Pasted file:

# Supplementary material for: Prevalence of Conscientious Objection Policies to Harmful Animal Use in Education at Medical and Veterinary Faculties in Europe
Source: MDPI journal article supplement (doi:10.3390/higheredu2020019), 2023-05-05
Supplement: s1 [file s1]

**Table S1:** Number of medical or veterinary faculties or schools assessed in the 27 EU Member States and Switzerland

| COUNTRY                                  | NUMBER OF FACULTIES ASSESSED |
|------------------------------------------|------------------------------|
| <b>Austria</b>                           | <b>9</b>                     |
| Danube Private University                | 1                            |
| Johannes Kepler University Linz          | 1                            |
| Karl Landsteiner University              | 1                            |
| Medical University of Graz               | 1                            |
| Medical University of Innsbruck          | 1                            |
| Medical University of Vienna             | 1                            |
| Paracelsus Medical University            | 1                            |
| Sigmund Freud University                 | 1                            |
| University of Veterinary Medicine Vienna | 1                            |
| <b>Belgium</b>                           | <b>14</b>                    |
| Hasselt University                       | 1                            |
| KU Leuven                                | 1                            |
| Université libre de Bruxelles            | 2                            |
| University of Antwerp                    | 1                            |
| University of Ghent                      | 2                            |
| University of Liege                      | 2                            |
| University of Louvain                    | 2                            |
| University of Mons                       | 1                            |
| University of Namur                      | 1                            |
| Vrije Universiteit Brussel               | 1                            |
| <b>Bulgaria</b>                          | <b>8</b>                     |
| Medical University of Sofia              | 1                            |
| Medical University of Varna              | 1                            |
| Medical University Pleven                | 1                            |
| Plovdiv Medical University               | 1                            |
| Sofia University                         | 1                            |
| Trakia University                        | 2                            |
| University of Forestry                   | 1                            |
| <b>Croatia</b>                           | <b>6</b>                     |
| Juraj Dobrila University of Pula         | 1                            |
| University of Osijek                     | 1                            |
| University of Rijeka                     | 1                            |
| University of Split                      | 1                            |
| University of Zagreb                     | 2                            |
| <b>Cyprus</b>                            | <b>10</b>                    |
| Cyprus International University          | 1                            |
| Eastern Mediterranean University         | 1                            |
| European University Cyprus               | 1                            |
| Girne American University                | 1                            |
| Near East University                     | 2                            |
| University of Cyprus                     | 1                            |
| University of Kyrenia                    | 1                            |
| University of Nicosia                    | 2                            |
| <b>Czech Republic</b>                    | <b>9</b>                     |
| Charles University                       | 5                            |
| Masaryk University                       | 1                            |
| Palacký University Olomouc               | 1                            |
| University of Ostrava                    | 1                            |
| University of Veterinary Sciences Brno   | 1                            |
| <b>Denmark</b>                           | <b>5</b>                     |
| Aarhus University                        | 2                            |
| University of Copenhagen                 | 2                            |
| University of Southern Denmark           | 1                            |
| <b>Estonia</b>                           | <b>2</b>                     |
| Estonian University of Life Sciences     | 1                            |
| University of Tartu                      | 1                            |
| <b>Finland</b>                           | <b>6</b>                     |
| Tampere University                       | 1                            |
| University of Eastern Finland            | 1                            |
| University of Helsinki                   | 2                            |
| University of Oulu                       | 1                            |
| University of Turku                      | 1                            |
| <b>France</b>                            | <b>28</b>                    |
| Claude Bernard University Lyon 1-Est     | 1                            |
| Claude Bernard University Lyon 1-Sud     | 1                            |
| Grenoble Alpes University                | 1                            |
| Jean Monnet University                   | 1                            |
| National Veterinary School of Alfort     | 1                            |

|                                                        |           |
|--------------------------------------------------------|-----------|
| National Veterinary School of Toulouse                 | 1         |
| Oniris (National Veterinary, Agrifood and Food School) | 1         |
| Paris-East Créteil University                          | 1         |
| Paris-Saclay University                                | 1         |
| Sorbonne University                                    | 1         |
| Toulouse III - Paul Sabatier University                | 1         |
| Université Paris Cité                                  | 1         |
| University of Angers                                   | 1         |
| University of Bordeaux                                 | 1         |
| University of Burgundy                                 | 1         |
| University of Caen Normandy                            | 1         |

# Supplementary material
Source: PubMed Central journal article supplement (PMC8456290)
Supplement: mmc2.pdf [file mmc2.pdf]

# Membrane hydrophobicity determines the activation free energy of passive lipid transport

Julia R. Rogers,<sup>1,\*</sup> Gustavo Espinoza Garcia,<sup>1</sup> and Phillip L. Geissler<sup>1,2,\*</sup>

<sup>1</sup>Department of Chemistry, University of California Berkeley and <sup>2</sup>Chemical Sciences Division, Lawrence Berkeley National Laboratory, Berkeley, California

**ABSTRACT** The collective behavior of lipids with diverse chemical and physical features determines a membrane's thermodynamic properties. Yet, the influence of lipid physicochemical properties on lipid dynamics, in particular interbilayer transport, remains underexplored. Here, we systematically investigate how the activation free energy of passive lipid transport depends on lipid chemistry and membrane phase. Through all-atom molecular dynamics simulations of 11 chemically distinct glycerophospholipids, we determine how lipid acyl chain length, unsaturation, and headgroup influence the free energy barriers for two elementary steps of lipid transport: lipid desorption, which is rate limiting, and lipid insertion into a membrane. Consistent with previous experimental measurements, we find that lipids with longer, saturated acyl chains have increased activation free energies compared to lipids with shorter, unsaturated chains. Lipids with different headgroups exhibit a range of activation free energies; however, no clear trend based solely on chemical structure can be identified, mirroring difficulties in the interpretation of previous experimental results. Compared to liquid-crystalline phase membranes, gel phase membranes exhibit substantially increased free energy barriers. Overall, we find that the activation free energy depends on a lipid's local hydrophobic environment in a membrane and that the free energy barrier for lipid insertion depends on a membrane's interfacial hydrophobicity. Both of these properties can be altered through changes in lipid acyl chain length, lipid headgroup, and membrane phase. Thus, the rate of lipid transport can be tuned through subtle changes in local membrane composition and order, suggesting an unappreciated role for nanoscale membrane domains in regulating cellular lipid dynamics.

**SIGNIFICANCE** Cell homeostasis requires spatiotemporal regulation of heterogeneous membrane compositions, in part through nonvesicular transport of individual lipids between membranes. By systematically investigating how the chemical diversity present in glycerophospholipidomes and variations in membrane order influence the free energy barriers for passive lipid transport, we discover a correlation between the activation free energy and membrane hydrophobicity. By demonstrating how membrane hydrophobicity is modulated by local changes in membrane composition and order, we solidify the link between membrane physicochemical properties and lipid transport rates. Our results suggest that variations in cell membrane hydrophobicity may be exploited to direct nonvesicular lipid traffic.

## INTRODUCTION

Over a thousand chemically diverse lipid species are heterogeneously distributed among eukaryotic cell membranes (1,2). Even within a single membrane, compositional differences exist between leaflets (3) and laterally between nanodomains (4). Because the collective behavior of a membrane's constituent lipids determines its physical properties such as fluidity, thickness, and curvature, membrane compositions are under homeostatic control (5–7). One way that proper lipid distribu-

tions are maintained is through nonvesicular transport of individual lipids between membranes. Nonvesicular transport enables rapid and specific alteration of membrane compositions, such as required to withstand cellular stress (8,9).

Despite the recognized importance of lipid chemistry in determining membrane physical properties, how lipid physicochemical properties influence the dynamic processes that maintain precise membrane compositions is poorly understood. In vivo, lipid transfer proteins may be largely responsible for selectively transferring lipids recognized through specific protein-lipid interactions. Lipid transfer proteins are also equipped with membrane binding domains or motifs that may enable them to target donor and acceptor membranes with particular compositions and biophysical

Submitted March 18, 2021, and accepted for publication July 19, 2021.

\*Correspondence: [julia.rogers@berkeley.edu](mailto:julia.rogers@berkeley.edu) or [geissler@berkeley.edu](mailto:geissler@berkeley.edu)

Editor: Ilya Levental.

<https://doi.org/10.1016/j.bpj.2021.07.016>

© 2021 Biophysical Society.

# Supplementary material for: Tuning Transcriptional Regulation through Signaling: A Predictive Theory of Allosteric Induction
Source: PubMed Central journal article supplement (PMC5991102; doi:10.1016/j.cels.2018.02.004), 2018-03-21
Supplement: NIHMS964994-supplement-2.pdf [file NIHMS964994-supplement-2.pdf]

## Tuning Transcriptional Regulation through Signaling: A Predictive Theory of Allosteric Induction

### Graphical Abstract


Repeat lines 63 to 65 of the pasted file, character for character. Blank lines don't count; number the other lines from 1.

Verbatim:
| University of Tartu                      | 1                            |
| <b>Finland</b>                           | <b>6</b>                     |
| Tampere University                       | 1                            |